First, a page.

January 3, 2023
Key things to know
Wealthy individuals and family offices are particularly vulnerable to identity theft, ransomware and other types of fraud.
Wire fraud and phishing are two specific types of fraud to be vigilant about.
There are steps you can take to guard against cybercrime and fraud.
Cybercriminals understand just how sensitive online financial data is, and they’re continually developing new ways to exploit these vulnerabilities. In 2021, there were 1,864 data breaches in the U.S.—an increase of 68% over 2020. This set a record, surpassing 2017’s all-time high of 1,506 breaches by 23%.1
Family offices and individuals with significant wealth may be especially vulnerable to cybercrime, identity theft, fraud and other crimes centered on using stolen information for no good, according to Patrick Cowan, Chief Banking Officer for Ascent Private Capital Management.
“Knowing that the end payoff may be greater, criminals will set their sights on these larger targets,” he says. And with more assets and accounts to keep track of, regularly monitoring smaller transactions may be difficult.
Most cybersecurity experts will tell you that it’s not a matter of if you’ll become a target, but rather when it will happen. “A bad actor will figure out that you’re a person or family of means and try to exploit that for their own good,” says Cowan. “They may use social media to infiltrate your organization, launch a phishing campaign that fools the recipients into thinking the emails are legitimate correspondence from a financial institution or masquerade as part of your financial team.”
Wealthy individuals and family offices may also receive ransomware requests, become victims of identity theft or create potential security risks by using open networks, public hotspots and/or unverified mobile applications. Anytime someone signs into a site or uses an application that sends unencrypted data over a network, bad actors can capture and use the confidential or sensitive data.
Unfortunately, these are problems that aren’t just going to go away on their own. Individual criminals are getting more sophisticated with their attacks, and certain nation-states regularly back cybercrimes. One recent report found that 86% of respondents have experienced a cyberattack by an organization acting on behalf of a nation-state, with each incident costing the victims more than $1 million.2
“Clearly, we’re not just talking about a couple of unaccounted-for $30 charges on your credit card,” Cowan says. “The scams that wealthy individuals and family offices may experience go beyond occasional inconveniences. The bad actors do their research and homework, and they’re very patient.”
“The scams that wealth individuals and family offices may experience go beyond occasional inconveniences. The bad actors do their research and homework, and they’re very patient.”
- Patrick Cowan, Chief Banking Officer, Ascent Private Capital Management
For example, cybercrime starts with infiltrating high value targets such as a family office’s computer systems using phishing emails and patiently combing through thousands of emails until they find a way to exploit the organization.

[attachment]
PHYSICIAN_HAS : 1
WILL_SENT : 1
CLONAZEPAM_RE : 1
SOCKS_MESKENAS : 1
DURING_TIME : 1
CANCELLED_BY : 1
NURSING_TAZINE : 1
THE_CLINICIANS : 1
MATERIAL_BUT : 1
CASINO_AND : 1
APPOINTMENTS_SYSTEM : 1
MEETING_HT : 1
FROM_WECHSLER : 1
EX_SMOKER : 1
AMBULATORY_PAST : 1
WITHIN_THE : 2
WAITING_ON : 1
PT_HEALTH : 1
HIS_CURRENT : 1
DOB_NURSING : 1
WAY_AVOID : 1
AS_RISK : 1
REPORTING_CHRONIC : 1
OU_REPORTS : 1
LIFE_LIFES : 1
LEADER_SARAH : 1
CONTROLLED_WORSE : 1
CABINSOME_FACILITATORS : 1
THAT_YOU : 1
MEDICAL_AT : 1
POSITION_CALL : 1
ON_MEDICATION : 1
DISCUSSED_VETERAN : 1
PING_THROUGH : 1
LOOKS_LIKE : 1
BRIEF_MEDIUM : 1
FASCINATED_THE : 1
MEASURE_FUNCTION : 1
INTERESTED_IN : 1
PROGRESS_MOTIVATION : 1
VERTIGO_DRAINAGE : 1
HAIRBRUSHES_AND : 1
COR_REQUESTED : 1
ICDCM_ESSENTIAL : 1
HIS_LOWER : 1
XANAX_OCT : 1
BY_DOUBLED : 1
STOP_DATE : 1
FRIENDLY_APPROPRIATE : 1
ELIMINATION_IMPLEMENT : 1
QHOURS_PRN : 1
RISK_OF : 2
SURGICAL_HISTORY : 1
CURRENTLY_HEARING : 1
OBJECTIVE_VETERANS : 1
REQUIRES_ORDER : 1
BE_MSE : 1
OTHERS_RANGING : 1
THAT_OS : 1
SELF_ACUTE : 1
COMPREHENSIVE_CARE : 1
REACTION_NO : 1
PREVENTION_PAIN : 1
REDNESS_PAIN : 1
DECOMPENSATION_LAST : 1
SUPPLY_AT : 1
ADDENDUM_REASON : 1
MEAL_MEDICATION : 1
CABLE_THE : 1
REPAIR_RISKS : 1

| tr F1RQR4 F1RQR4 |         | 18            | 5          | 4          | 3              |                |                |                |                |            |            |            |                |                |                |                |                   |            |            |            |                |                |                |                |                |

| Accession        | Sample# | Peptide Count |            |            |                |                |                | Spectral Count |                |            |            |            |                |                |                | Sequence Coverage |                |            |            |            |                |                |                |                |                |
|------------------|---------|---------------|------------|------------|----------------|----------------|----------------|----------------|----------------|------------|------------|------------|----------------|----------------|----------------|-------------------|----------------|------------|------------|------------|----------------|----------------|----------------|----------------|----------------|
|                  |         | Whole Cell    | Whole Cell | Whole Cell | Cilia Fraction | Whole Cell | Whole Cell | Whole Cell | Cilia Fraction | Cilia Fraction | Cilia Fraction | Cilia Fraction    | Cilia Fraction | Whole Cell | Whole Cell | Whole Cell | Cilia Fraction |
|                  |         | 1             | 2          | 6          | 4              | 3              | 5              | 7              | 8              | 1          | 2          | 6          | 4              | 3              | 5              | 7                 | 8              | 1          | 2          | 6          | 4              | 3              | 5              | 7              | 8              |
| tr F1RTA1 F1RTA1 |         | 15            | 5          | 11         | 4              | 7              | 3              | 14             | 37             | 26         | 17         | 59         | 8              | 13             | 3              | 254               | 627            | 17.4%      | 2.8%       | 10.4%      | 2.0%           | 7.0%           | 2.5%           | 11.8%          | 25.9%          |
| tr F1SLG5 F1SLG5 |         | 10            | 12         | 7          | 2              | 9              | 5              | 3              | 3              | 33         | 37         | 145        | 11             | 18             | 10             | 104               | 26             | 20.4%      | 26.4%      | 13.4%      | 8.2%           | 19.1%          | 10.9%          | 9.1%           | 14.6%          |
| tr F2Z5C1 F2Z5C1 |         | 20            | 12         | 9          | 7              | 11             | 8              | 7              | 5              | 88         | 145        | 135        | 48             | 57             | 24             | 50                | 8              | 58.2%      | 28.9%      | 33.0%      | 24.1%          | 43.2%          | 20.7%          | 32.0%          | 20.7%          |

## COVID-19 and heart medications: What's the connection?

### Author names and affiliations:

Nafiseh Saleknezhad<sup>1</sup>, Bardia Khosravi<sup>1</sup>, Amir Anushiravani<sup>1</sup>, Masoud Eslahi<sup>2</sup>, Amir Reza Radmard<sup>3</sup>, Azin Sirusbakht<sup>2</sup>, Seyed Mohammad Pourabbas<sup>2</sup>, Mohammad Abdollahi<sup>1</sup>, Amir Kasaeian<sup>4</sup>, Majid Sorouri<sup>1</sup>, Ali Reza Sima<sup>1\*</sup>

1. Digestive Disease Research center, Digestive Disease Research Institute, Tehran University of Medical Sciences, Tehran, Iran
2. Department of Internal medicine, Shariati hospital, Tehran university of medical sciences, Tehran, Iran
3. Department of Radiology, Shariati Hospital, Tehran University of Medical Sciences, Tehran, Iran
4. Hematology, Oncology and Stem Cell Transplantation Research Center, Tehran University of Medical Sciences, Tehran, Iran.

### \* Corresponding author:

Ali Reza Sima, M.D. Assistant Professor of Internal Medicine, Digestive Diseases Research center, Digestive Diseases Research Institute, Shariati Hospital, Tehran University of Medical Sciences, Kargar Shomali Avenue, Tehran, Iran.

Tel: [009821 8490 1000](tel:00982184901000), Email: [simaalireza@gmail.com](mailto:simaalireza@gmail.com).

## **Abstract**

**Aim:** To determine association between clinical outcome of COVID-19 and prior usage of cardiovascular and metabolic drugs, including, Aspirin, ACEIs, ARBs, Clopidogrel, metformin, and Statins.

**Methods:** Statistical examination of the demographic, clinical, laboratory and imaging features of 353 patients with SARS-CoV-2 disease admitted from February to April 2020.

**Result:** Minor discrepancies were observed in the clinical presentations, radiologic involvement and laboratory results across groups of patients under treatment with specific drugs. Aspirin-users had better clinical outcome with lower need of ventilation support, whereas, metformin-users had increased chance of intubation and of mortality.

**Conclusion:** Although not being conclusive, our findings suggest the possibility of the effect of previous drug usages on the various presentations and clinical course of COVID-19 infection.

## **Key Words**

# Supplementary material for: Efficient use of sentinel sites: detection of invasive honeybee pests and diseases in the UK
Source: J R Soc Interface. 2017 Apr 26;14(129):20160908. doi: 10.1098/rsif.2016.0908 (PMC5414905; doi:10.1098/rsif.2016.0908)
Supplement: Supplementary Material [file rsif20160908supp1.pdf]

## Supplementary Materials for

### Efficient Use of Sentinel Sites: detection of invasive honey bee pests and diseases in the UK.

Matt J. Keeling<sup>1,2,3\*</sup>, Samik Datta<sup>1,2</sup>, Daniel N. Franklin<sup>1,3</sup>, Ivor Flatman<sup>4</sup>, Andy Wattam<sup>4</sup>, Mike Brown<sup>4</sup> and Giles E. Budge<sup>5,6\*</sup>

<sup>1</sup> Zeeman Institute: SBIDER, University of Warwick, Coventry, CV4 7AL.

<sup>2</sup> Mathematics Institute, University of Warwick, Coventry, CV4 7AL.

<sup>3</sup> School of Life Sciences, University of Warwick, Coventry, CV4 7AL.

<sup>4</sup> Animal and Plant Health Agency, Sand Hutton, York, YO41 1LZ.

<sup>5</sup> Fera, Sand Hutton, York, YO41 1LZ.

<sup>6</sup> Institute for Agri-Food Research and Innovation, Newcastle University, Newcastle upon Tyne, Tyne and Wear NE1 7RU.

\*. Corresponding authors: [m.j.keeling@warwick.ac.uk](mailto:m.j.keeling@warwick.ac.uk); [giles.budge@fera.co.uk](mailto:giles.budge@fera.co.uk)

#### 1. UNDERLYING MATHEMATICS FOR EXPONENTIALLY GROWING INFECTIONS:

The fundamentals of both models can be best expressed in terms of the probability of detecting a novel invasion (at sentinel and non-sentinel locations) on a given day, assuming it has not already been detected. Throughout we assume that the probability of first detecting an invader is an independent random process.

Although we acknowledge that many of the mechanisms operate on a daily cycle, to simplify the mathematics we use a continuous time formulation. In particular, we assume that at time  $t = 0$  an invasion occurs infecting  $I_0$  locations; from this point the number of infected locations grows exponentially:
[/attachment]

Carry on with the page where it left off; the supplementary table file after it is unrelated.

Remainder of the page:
One area of concern for individuals is preventing wire fraud, a particular problem for anyone who invests in real estate. A cybercriminal who knows that a deal is closing on Monday, for example, may send a fraudulent email that includes down-payment wiring instructions and urgent messaging about how the seller is going to “find a new buyer” if the payment isn’t sent by the Friday before closing.
“In reality, no one needs money that fast,” Cowan says. “It can always be wired on the morning of the closing.”
He advises that even if the wire instructions appear to be from a legitimate title company or other sender, you should call them back and ask them to walk you through the steps and to verify the account numbers. This is important, because once money is wired out—and especially if the funds are going to another country—getting it back will be next to impossible.
Phishing is another entry point that can happen the second a family member or employee clicks on a link in an email or, in some cases, hovers over an “invisible” link that’s embedded in the message.
To avoid phishing, never click on a website link from a suspicious email. If you’re being instructed to log into your account, don’t do it. Instead, go to the website or app and log yourself in.
Here are seven more steps you can take to protect your assets from cybercriminals who may be targeting your family and/or your family office:
There are many different online scams and vulnerabilities that hackers are waiting patiently to exploit in hopes of a major financial windfall. And while you may not know where the next digital fraud threat will come from, by taking these steps to prevent cybercrime, you’ll be better prepared to identify and avoid online threats before they happen.
Learn more about how Ascent works with and supports clients.
1. Annual Data Breach Report. Identity Theft Resource Center.
2. In the Crosshairs: Organizations and Nation-State Cyber Threats. Trellix Global Threat Research.
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